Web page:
Manufactured homes are predominately owner occupied. The information in table 2 allows us to calculate the overall homeownership rate of 68 percent, whereas the rate for single-family detached units is 88.2 percent. The rate for manufactured homes is 83.1 percent, slightly lower than the rate for single-family detached units. The homeownership rate for manufactured homes from the 2000 census was 79.2 percent for all States combined and ranged from a low of 70.4 percent to 87.3 percent for the 50 States.

Manufactured homes are more likely to be vacant. Table 2 data indicate that the vacancy rate for all housing units in the United States is 8.2 percent, whereas the rate for manufactured homes is 11.6 percent—slightly below the multifamily vacancy rate of 11.9 percent but above the 6-percent vacancy rate for single-family detached housing units.

Manufactured housing units are typically newer housing units. Table 4 indicates that nearly half of all homes were built in 1970 or later, whereas 90 percent of manufactured homes were produced in 1970 or later. (The table does not contain entries for the two oldest age categories for manufactured homes because the oldest response category for manufactured homes is homes built in 1939 or earlier.) The median year built for all housing units is 1969, whereas the median year built for manufactured homes is a more recent 1983. There are two possible explanations. First, manufactured homes may not be as durable as conventionally constructed homes. Second, the manufacture of homes to a national building standard in a factory is a fairly new activity.

When residents were asked about the external conditions of the buildings in which they live, most (79.3 percent) did not report any problems; this was also true for manufactured housing residents, as shown in table 5. However, residents of manufactured homes more frequently reported specific types of problems (with two exceptions). Sagging roofs (5.6 percent) and broken windows (8 percent) are the problems most often reported by residents of manufactured homes. The higher incidence of the specific problems with the same proportions reporting no problems suggests that residents of manufactured homes more often reported multiple problems.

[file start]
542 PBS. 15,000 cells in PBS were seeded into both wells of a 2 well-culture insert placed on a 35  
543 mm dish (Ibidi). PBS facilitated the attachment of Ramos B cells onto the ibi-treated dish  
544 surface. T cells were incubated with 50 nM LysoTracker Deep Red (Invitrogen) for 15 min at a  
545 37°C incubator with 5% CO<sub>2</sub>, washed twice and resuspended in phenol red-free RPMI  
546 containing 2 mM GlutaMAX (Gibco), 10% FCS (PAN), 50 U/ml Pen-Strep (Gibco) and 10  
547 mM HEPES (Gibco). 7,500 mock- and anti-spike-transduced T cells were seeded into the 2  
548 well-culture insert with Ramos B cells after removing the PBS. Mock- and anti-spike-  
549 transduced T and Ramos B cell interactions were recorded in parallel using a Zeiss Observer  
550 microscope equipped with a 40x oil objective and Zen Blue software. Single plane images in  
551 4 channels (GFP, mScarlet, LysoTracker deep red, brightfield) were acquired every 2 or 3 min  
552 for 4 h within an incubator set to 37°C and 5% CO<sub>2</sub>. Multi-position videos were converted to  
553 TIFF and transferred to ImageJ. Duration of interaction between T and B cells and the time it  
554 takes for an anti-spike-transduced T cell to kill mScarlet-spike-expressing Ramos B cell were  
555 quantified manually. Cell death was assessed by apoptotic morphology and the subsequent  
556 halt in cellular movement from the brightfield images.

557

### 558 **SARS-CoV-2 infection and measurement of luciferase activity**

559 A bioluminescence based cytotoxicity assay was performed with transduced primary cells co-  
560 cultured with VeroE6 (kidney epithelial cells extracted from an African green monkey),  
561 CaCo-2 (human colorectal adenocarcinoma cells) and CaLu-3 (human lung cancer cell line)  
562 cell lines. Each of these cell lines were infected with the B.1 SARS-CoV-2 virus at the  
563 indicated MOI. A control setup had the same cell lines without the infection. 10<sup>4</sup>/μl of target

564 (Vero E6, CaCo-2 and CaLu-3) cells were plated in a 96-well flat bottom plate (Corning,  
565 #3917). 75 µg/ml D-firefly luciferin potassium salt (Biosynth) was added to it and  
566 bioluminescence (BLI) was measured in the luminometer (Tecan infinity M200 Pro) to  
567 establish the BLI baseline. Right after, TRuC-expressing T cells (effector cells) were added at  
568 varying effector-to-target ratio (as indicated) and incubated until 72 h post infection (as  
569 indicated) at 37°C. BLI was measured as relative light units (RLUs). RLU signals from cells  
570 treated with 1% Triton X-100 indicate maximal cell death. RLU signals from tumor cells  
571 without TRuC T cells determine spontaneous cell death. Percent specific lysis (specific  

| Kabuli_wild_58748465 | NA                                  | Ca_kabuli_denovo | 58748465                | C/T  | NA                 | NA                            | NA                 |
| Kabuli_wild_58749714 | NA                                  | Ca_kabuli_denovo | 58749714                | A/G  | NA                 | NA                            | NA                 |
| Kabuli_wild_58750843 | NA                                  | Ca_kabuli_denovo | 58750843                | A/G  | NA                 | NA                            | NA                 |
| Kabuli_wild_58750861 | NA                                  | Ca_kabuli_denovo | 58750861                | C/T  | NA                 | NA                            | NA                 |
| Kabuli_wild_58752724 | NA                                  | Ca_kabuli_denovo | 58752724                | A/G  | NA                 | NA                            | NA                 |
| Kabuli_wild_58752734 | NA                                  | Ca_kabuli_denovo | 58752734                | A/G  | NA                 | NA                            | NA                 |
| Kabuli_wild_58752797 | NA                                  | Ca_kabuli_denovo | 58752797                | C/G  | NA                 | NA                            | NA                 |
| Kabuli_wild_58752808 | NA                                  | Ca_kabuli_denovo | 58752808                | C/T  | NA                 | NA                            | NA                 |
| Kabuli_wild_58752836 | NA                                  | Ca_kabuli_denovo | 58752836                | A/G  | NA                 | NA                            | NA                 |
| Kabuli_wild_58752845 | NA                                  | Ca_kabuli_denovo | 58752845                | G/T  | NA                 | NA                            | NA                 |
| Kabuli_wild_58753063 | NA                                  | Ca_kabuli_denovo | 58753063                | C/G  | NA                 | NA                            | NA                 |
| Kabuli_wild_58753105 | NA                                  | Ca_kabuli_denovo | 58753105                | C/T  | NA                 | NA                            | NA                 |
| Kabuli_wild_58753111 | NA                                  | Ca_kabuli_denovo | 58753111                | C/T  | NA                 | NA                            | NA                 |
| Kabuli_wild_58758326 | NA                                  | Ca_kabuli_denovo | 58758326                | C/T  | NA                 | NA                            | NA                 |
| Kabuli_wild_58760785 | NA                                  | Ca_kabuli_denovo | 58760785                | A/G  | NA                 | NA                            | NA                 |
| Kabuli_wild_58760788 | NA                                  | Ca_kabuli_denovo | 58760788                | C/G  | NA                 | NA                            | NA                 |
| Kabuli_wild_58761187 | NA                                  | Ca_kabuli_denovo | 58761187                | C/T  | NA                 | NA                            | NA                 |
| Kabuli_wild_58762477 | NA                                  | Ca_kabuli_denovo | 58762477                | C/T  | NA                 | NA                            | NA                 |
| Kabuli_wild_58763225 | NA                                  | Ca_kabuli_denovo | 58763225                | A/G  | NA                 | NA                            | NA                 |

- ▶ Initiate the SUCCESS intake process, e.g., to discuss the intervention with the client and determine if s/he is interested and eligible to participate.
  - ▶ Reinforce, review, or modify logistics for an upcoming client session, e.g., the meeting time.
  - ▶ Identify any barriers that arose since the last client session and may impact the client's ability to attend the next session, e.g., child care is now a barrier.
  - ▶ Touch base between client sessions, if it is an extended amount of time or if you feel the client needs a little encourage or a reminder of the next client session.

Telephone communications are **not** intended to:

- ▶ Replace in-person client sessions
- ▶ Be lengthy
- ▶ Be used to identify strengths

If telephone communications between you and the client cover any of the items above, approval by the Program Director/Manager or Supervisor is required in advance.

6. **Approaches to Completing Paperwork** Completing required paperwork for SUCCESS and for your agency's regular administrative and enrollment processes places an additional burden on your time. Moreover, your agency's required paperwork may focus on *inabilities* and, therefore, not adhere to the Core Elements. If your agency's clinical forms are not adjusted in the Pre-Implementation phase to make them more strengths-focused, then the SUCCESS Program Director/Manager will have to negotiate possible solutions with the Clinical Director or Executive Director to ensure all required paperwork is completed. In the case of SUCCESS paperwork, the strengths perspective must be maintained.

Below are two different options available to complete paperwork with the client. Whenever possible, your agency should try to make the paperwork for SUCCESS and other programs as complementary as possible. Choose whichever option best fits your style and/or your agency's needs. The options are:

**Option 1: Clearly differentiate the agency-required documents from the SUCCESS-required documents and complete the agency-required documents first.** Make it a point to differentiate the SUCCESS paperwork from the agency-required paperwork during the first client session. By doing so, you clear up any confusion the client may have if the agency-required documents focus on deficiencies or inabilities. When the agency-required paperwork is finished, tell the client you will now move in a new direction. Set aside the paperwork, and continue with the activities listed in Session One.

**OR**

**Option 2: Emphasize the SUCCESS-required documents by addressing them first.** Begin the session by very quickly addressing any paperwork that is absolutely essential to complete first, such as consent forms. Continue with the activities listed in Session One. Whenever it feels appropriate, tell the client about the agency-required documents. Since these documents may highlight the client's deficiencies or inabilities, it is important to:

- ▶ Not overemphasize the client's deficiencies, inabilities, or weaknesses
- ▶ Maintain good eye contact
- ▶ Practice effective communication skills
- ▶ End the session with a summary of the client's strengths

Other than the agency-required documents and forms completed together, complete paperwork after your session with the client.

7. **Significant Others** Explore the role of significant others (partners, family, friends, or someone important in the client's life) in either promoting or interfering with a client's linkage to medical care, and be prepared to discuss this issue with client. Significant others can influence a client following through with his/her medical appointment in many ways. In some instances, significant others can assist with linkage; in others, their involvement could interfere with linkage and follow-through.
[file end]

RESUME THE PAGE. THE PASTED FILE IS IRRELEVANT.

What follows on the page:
Manufactured homes are not very mobile. Seventy-six percent of manufactured home residents reported that their home remained on its first site (24 percent reported that their home was moved to the current site from another location).

Manufactured homes are somewhat smaller than all housing units, but differences in the size distribution exist. Manufactured housing units are less likely to have few rooms (three rooms or fewer), less likely to have many rooms (six rooms or more), but rather to have higher proportions of units with four to five rooms, as shown in table 6. The median number of rooms for all housing units is 4.8, which is half of a room larger than the 4.3-room median for manufactured homes. The same is true for number of bedrooms—few manufactured homes have one or fewer bedrooms and few have more than four bedrooms, but nearly half have two to three bedrooms.

The presence of complete bathrooms is generally high in U.S. housing, although manufactured homes are more likely to report not having a complete bathroom (3.5 percent compared with 1.9 percent for all housing). Conversely, manufactured housing units are more likely to have 1.5 or more bathrooms (62.0 percent compared with 57.4 percent for all housing).

Manufactured housing is more affordable by approximately $200 per month. Residents of all occupied housing have median monthly housing costs of $658 with 64.1 percent of these households spending more than $500 per month, as shown in table 8. Owner occupants have a median housing cost of $686 with 61.8 percent spending more than $500 per month. Renters have a median housing cost of $633 with 69.4 percent spending more than $500 per month. Occupants of manufactured housing (owners and renters combined) have a median housing cost of $414 per month with 38.5 percent spending over $500 per month.

The racial and ethnic composition of householders occupying manufactured housing units is very similar to that of all owner-occupied housing but quite different from renter-occupied units. Table 9 shows the racial and ethnic composition of householders by housing unit type. The proportion of manufactured housing units with White householders is 86.5 percent, which is nearly equal to the proportion White in all owner-occupied units. The proportion of African-American householders in manufactured homes, 9.6 percent, is very close to the 8.7 percent for all owner-occupied housing. The proportion of Hispanic householders is 6.1 percent for manufactured housing and 6.5 percent for owner-occupied units.